O’Neill was appointed Chief of the FBI’s Counterterrorism Section at FBI Headquarters where he was responsible for the direction and support of all of the FBI’s international and domestic counterterrorism investigations.
Of particular note during this time, was the capture and extradition of bombing suspect Ramzi Yousef for his role in the first attack on the World Trade Center, the investigation of the bombing of the Alfred P. Murrah Federal Building in Oklahoma City and the investigations of the bombings of US facilities in Saudi Arabia. He also supervised investigations of numerous other terrorist incidents involving Americans and American interests around the world.
SAC O’Neill served as the FBI representative on the Interagency Counterterrorism Committee of the National Security Council. He was also a member of the Terrorism Committee of the International Association of Chiefs of Police and the Terrorism Subcommittee of the American Society of Industrial Security.
O'Neill faced political opposition from members of the Clinton Administration, who ignored his reports and warnings. On many occasions he was denied funding for his frequent trips to the Middle East to investigate leads on terrorist groups. On several trips, he paid for his own expenses -- plane fare, hotel accommodations, etc. -- in order to wage his one man war against terrorism.
Turf wars and dislike of O'Neill members of the Clinton Administration and then the Bush Administration in Washington meant that the FBI's New York office was left out of the investigation, and later that O'Neill was left behind when other New York-based agents were sent to the region to pick up leads. O'Neill decided to continue fighting terrorism in the private sector.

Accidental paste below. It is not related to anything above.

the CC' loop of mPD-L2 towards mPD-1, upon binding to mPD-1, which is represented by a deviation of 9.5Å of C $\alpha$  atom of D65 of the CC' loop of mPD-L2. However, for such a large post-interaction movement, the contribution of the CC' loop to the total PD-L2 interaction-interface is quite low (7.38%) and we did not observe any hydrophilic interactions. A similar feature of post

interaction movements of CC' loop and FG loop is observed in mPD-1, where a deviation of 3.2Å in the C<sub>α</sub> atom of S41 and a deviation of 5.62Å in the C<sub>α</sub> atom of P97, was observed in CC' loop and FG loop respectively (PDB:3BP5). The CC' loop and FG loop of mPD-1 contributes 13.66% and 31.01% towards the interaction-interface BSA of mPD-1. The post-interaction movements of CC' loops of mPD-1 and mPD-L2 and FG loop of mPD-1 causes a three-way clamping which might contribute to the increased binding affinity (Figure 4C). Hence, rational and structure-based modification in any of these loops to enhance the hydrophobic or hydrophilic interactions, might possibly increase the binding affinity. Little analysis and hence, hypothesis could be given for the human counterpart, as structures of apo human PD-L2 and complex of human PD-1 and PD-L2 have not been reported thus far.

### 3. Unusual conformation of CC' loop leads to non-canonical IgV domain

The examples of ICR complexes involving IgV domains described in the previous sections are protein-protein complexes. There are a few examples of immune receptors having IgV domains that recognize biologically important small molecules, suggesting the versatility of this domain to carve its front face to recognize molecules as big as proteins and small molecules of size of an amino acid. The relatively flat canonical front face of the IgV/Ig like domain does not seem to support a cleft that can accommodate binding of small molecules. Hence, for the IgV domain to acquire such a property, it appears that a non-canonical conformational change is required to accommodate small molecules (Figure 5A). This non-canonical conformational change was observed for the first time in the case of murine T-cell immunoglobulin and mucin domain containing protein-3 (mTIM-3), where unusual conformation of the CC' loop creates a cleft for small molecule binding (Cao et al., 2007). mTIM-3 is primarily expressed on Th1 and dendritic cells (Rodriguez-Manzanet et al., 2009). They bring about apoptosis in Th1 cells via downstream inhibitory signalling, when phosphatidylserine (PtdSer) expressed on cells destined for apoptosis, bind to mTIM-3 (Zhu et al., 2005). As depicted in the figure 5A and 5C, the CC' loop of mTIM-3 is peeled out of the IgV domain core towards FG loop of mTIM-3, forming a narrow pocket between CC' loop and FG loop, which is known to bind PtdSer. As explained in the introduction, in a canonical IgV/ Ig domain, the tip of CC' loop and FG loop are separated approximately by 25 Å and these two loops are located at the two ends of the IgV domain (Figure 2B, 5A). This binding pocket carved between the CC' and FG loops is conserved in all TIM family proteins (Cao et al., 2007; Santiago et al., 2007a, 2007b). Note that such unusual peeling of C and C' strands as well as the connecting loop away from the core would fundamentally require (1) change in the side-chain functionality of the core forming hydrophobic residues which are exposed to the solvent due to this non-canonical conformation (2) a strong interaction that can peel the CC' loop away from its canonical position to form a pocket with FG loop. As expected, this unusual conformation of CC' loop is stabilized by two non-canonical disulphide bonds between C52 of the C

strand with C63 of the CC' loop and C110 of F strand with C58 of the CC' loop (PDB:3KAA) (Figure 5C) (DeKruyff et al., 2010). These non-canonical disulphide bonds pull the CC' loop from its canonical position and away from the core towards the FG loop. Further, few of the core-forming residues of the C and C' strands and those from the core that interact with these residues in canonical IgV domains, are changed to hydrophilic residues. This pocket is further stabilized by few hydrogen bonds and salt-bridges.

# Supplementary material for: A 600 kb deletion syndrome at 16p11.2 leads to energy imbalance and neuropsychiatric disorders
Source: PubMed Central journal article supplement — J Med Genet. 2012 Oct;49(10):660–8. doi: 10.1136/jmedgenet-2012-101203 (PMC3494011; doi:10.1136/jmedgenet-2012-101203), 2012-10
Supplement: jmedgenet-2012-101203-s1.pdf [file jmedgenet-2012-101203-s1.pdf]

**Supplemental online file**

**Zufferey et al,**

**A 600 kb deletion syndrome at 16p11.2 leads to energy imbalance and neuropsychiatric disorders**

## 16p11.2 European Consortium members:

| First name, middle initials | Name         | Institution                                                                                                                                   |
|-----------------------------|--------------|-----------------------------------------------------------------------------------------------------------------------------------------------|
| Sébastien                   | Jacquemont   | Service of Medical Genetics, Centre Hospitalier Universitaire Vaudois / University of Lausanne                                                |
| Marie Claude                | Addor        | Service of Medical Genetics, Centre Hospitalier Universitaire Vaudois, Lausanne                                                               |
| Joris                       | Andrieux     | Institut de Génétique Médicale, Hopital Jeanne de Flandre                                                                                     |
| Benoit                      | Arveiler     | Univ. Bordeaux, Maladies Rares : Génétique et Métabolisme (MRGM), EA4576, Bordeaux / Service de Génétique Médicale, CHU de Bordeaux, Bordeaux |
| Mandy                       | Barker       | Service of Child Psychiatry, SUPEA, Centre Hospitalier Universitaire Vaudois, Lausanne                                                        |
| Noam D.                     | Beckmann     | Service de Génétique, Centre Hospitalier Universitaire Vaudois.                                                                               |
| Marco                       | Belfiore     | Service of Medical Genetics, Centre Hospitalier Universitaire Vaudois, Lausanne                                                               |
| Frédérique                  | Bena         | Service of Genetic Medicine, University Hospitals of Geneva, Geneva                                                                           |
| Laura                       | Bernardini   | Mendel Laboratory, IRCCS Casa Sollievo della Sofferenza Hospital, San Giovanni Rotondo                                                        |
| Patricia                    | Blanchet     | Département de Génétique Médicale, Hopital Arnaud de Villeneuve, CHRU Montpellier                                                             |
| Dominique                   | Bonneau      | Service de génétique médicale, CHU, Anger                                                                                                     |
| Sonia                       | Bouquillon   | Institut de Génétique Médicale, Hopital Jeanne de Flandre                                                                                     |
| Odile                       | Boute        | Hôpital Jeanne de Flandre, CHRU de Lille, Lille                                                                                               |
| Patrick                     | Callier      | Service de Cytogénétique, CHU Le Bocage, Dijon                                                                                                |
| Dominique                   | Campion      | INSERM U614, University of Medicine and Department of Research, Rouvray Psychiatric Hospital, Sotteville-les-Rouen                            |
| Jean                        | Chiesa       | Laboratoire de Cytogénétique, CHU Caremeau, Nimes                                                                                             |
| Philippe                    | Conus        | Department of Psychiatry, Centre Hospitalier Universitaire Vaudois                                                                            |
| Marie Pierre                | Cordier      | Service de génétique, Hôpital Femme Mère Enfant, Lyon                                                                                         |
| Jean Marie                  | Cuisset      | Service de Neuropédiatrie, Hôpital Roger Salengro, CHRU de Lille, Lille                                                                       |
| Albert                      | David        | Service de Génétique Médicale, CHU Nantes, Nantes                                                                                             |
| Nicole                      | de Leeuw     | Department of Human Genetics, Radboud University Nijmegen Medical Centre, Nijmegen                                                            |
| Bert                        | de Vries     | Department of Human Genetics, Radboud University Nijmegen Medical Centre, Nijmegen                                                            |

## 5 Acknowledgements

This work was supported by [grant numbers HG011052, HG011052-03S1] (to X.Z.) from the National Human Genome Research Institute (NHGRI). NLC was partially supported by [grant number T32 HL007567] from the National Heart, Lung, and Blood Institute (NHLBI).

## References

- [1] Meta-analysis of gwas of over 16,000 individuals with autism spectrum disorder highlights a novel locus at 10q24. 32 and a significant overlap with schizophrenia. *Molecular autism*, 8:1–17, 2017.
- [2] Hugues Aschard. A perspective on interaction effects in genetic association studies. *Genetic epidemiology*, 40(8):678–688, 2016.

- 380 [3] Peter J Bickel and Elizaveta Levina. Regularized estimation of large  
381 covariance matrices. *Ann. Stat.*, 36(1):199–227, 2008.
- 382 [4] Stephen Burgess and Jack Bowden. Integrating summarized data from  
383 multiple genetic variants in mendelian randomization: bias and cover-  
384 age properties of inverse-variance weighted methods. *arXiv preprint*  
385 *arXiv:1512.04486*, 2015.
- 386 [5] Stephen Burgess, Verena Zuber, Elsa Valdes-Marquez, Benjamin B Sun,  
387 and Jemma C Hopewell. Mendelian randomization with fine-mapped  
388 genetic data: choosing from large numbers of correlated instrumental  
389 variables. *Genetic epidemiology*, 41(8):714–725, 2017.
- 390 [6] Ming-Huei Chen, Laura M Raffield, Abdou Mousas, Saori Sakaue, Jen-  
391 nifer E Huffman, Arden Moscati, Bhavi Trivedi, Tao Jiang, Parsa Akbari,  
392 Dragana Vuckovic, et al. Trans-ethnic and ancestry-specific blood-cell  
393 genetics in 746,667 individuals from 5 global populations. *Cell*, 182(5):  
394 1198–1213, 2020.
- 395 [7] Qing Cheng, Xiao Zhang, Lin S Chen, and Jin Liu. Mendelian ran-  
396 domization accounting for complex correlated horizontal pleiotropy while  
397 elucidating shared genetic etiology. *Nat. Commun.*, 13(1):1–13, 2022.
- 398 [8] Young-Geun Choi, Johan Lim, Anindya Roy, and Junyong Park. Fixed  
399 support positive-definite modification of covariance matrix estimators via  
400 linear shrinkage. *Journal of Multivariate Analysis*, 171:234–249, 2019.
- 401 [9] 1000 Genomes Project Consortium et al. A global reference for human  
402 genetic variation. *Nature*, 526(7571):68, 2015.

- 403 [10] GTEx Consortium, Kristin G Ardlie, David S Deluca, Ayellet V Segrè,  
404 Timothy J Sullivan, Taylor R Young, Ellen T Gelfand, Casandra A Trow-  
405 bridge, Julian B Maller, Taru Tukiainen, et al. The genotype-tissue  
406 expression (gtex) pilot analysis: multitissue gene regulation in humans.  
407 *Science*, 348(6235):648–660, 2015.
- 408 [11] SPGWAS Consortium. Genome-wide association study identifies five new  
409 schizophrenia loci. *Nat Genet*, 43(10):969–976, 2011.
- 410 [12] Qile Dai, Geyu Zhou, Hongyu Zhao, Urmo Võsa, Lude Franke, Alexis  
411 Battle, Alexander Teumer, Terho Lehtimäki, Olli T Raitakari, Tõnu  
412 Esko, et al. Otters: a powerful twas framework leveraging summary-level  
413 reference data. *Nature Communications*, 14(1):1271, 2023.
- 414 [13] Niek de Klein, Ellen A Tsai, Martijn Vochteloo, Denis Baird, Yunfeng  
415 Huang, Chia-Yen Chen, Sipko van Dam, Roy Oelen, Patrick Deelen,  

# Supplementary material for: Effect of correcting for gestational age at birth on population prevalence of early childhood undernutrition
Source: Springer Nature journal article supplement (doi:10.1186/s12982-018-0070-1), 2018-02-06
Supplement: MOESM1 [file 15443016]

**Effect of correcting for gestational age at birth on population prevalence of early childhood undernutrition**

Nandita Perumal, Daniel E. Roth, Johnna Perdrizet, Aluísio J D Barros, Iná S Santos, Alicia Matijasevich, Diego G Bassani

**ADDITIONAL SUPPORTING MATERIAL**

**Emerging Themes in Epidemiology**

After claiming ignorance of Al-Qaeda in 1993, Clintion takes a giant leap and says he came closest to capturing Osama bin Laden. Yes, close, but no cigar. Unless it was the famous cigar he shared with his intern Monica. Mr. Clinton, the road to perdition is paved with "almosts."
Jim Kouri, CPP is currently fifth vice-president of the National Association of Chiefs of Police. He's former chief at a New York City housing project in Washington Heights nicknamed "Crack City" by reporters covering the drug war in the 1980s. In addition, he served as director of public safety at a New Jersey university and director of security for a number of organizations. He's also served on the National Drug Task Force and trained police and security officers throughout the country. He writes for many police and crime magazines including Chief of Police, Police Times, The Narc Officer, Campus Law Enforcement Journal, and others. He's appeared as on-air commentator for over 100 TV and radio news and talk shows including Oprah, McLaughlin Report, CNN Headline News, MTV, Fox News, etc. His book Assume The Position is available at Amazon.Com, Booksamillion.com, and can be ordered at local bookstores. Kouri holds a bachelor of science in criminal justice and master of arts in public administration and he's a board certified protection professional.